Small cell lung cancer (SCLC) is shown in this image. SCLC accounts for approximately 15% of bronchogenic carcinomas, according to the National Cancer Institute (NCI). Smoking is the most common cause of SCLC. The earlier in life a person started smoking and the greater the frequency, the greater the risk of development of SCLC. When smoking is combined with other risk factors, the risk of SCLC development is increased. Other risk factors, according to the American Cancer Society, include exposure to radon; asbestos; and workplace chemicals and minerals such as arsenic, beryllium, cadmium, and coal products.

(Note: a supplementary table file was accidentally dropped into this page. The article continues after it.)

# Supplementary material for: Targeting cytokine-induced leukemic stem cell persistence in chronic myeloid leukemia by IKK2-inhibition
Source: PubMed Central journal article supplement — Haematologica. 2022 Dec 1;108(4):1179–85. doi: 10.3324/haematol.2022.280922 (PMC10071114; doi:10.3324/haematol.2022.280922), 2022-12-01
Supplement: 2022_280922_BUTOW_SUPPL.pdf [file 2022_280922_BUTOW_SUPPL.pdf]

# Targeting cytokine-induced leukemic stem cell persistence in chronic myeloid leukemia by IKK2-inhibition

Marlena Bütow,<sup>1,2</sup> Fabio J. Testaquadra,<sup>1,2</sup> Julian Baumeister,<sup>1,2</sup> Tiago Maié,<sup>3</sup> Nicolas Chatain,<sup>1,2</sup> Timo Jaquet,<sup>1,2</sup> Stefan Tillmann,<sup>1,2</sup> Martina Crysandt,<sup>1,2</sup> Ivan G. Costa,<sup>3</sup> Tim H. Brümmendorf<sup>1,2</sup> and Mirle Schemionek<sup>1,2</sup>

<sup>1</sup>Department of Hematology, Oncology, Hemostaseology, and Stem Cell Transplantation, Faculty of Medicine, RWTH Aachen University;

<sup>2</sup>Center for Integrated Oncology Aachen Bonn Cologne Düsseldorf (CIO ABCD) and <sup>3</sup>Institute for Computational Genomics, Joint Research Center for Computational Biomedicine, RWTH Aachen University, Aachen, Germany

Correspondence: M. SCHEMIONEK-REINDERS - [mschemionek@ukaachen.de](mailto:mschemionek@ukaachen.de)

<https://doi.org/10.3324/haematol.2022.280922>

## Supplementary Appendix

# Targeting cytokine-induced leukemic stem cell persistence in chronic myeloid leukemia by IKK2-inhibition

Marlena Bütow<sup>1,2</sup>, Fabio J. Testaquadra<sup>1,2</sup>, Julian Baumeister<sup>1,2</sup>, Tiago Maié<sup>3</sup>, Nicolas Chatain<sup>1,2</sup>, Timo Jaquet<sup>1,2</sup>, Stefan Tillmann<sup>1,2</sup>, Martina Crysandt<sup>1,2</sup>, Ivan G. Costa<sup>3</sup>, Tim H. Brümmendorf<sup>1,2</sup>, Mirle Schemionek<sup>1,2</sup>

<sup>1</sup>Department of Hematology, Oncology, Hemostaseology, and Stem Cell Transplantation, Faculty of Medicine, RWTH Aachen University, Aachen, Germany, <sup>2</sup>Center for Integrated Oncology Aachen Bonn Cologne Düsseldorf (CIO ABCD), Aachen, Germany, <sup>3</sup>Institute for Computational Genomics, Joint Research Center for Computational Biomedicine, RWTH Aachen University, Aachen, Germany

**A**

Prognosis is most dependent on extent of disease. For patients with limited-stage disease, medial survival can be 16-24 months, and 5-year survival of 14% has been reported, according to the NCI. In patients with extensive-stage disease, median survival is 6-12 months, and long-term disease-free survival is rare. Combination chemotherapy has been shown to have response rates superior to single-agent chemotherapy. Common combination therapies include cisplatin/etoposide, cisplatin/irinotecan, carboplatin/etoposide, and carboplatin/irinotecan.
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Cite this: Small Cell Lung Cancer: Interactive CT Case Study - Medscape - Oct 23, 2014.